Monday, December 31, 2018

Franz Kafka in Fresno

A short story by Daniel A. Olivas
Franz Kafka hated his father.  And he had good reason to harbor such feelings.  Specifically, Franz could not forgive his father for insisting that his only child be named Franz.  Franz understood that his father was very proud that he very likely was related to the great writer by virtue of sharing the same surname.  However, with a name like Franz, Carl virtually guaranteed that his son would be beaten up every day of his life from kindergarten through high school.  Fresno was not a hospitable place for a slender, overly-intelligent, German-Mexican named Franz.  Franz wondered why he couldn’t have been named after some relative on his mother’s side.  The Gamboa family possessed many fine names from which to choose such as Alfredo, Eloy, César and even Kiko, which was really a nickname.  Sometimes, when he was nursing a black eye given to him by a bully, Franz would daydream about who he could have been.  The possibilities made his young head swim in a giddy swirl.  Can you imagine it?  Kiko Kafka!  Who in his right mind, even in Fresno, would mess with a boy named Kiko Kafka?  But, alas, he was named Franz.  And so it was: Franz hated his father.
            The day Franz’s father died, Franz had made a vow never to speak to his father again.  Enough is enough, he reasoned.  If you hate someone, why waste time speaking with each other?  Unfortunately, Franz made the vow before he got the call that his father had died. Of course, he felt a great pang of guilt.  How could a son hate his father especially when his father has died?  It was not right.  So Franz flew back to Fresno from Los Angeles and made certain that Carl had a fine burial.  With his mother long gone, Franz was now officially an orphan at the age of thirty-one.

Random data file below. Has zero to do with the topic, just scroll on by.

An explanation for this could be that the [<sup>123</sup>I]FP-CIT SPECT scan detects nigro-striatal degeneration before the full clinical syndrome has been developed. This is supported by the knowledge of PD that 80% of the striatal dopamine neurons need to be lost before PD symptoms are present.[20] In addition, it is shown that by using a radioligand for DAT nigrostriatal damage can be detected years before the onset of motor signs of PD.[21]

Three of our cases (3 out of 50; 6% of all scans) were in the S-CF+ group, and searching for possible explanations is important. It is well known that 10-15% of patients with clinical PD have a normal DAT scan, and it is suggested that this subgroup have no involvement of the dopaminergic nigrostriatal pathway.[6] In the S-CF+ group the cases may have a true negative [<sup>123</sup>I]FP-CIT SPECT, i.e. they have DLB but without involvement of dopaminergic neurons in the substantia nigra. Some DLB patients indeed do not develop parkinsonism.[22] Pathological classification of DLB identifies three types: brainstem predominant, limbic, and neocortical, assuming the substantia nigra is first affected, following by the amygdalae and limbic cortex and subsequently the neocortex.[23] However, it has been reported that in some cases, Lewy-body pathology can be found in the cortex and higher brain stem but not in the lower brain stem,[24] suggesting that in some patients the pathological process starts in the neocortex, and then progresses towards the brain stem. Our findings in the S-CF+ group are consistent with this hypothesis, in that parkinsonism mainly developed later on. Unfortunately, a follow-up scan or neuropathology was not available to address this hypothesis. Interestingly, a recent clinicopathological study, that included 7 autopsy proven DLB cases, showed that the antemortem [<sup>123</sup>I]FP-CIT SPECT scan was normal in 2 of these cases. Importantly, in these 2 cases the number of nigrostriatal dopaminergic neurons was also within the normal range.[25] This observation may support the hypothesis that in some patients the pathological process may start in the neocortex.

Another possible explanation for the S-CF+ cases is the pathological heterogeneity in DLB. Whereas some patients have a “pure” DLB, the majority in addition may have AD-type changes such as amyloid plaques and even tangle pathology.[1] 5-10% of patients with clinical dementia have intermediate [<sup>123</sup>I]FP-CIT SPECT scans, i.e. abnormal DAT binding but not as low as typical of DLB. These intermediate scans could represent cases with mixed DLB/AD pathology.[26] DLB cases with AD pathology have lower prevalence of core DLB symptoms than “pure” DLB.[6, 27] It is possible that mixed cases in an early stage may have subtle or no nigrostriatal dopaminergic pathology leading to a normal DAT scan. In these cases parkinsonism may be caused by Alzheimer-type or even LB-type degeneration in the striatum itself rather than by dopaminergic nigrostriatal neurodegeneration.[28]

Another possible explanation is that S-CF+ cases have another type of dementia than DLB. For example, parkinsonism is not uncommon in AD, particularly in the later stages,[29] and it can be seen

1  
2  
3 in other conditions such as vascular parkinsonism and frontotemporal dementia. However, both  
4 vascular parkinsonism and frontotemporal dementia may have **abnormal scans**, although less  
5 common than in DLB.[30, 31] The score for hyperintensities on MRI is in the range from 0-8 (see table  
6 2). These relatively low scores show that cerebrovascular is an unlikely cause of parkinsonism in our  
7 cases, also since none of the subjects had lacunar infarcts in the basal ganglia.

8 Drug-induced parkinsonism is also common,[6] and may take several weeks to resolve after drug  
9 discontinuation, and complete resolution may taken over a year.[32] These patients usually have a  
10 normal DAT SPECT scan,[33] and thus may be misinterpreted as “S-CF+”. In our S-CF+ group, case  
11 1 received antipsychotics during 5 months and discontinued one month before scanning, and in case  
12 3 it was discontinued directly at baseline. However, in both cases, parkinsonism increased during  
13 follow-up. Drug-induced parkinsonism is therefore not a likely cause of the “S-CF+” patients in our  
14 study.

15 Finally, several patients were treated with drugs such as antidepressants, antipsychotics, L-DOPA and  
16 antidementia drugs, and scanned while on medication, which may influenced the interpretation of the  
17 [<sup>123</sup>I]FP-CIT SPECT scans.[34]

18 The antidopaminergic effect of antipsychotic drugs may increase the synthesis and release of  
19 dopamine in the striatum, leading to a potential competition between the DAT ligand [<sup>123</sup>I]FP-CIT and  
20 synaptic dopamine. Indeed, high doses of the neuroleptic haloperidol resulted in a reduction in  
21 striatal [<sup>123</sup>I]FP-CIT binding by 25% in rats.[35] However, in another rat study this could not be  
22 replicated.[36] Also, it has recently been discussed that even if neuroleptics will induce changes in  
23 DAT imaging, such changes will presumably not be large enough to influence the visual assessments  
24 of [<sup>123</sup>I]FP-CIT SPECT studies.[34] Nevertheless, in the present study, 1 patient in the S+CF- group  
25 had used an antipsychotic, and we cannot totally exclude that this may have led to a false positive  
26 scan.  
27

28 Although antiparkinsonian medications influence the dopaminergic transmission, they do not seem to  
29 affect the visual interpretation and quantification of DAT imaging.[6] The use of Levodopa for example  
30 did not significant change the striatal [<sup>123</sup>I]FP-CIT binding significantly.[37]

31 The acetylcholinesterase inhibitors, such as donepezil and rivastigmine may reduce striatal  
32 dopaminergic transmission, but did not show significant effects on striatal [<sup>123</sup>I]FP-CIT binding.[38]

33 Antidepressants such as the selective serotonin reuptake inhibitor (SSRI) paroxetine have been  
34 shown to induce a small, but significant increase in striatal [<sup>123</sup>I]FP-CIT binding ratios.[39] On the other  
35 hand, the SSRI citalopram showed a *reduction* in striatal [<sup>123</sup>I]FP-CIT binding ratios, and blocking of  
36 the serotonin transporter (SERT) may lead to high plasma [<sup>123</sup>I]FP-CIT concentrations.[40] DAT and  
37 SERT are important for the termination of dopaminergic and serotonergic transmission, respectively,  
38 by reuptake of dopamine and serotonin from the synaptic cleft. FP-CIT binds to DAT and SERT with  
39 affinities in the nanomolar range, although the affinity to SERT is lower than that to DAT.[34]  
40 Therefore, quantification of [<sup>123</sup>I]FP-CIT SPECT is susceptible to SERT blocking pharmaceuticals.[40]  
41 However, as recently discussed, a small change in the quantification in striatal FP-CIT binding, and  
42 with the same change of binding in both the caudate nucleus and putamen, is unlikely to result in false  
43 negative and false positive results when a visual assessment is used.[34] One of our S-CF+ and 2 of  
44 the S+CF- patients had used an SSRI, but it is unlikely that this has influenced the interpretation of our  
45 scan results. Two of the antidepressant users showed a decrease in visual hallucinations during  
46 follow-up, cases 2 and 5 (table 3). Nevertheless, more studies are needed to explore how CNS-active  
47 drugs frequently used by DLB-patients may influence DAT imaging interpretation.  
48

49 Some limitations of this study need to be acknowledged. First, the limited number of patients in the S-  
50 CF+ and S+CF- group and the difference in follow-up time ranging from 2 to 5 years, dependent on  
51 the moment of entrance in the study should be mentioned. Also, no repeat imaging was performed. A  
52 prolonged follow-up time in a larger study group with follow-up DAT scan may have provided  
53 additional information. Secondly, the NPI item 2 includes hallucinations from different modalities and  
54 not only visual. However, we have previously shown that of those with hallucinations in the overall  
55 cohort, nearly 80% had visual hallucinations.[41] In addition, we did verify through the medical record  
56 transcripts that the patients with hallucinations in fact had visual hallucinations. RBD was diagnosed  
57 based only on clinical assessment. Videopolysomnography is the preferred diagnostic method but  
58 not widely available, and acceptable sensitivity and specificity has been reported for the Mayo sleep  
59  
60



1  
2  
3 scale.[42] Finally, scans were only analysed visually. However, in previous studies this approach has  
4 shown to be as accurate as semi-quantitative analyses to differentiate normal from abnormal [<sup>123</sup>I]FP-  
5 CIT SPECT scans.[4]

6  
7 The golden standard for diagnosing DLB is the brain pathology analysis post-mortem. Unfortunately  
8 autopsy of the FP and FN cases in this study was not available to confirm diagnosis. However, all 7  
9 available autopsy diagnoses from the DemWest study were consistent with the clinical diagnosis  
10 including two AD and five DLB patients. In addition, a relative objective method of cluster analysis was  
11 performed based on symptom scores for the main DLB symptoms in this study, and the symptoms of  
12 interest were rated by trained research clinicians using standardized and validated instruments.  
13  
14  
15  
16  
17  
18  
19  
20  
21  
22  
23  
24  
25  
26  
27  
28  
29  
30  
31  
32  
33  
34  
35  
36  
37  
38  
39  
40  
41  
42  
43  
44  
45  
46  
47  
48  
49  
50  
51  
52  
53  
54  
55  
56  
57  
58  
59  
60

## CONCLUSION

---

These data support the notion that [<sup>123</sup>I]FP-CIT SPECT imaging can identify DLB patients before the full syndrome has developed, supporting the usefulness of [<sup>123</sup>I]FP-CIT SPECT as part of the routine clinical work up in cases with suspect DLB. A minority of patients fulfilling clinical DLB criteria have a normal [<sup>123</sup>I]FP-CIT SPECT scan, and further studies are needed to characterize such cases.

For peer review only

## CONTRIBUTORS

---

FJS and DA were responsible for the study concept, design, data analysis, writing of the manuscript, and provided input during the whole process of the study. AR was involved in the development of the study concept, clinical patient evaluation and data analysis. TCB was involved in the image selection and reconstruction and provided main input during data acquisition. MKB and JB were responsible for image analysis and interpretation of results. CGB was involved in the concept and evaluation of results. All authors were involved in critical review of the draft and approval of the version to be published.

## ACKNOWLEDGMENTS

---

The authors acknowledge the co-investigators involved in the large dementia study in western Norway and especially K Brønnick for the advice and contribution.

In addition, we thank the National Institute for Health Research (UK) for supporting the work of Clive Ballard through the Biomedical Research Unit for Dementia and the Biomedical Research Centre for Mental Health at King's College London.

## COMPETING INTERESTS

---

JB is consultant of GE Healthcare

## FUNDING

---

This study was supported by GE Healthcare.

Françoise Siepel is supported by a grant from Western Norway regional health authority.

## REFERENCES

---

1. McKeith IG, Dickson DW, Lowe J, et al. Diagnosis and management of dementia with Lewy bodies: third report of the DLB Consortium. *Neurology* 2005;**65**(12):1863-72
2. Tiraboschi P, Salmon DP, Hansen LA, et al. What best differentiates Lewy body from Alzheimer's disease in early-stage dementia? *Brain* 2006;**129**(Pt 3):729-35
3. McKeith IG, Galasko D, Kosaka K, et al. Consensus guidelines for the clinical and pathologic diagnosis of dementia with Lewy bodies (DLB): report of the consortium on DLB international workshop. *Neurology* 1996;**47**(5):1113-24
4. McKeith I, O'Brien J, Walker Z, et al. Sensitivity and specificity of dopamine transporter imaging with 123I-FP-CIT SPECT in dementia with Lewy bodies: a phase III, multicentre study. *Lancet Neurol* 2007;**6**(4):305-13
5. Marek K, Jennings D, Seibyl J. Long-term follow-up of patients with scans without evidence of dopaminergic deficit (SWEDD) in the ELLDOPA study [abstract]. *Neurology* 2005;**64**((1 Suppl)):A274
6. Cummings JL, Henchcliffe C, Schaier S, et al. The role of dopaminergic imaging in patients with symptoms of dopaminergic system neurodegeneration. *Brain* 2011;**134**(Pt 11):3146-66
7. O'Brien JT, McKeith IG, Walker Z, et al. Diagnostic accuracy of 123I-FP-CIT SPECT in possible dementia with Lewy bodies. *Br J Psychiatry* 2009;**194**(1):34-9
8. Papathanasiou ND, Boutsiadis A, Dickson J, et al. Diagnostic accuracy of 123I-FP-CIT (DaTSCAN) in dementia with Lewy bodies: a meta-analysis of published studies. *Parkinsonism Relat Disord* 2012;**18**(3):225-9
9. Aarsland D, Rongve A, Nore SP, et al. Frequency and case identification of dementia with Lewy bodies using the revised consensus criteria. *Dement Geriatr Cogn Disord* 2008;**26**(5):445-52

“Good-bye, Papá,” said Franz as the coffin slowly creaked down into the fresh grave.  “I didn’t mean to hate you.”
The few people who attended looked away and the priest offered nothing more than a grunt.  As Franz started toward his car, an old man stopped him with a large, heavy hand placed carefully but insistently on Franz’s shoulder. 
“I knew your father well,” said the man.
“Who are you?” asked Franz.
The old man smiled.  “Just a man,” he said.  “Nothing more, nothing less.”
They stood there in silence.  Franz felt as though his head would explode.
“Well,” Franz finally said.  “Thank you for coming.  I’m sure my father would have been happy you made the effort.”
The man let go of Franz’s shoulder.  “I doubt it,” he said with a chuckle.
With that, the man turned and wandered away.  Franz noticed that the man was almost a giant, certainly seven feet tall if he were an inch.  Franz let out a sigh and continued toward his car.  Why would a sardonic giant be attending his father’s funeral?  And why did Franz bother showing up?  What possible benefit could be derived from his presence at the funeral of the only man he hated?  Nothing good could come of this.  There was only one solution.  Franz needed to find a Starbucks.  Since moving to Los Angeles ten years ago, he had become addicted to the brilliant concoction known as the Iced Caramel Macchiato.  It was his only addiction and he fed it liberally.  Franz wondered if Starbucks had made any inroads into Fresno.  He then laughed because to ask such a question would admit to a great ignorance as to how the world worked.  Franz drove into the nearest gas station and, after filling up his Ford Taurus, he asked the attendant for directions to the nearest Starbucks. 
            “On Cedar,” the man said without a smile.  “Just south of Shepherd Avenue.”  The man pointed with his right thumb over his left shoulder.
            “Thank you,” said Franz.
            “Okay,” said the man.
            As Franz walked to his car he suddenly froze.  On the driver’s side window crawled a plump, gigantic cockroach.  For obvious reasons, Franz had developed an aversion to all vermin, in particular cockroaches.  He shivered a deep shiver that went down below his heart.  Franz took a deep breath, averted his eyes, and got himself into the car.  Once safely inside, he looked for the cockroach but it had disappeared.  And for reasons he could not fathom, Franz at that moment missed that cockroach more than his father.  He let out a sigh.  He needed an Iced Caramel Macchiato now more than ever.  Franz imagined the gas station attendant’s thumb pointing toward Cedar and aimed his car in that direction.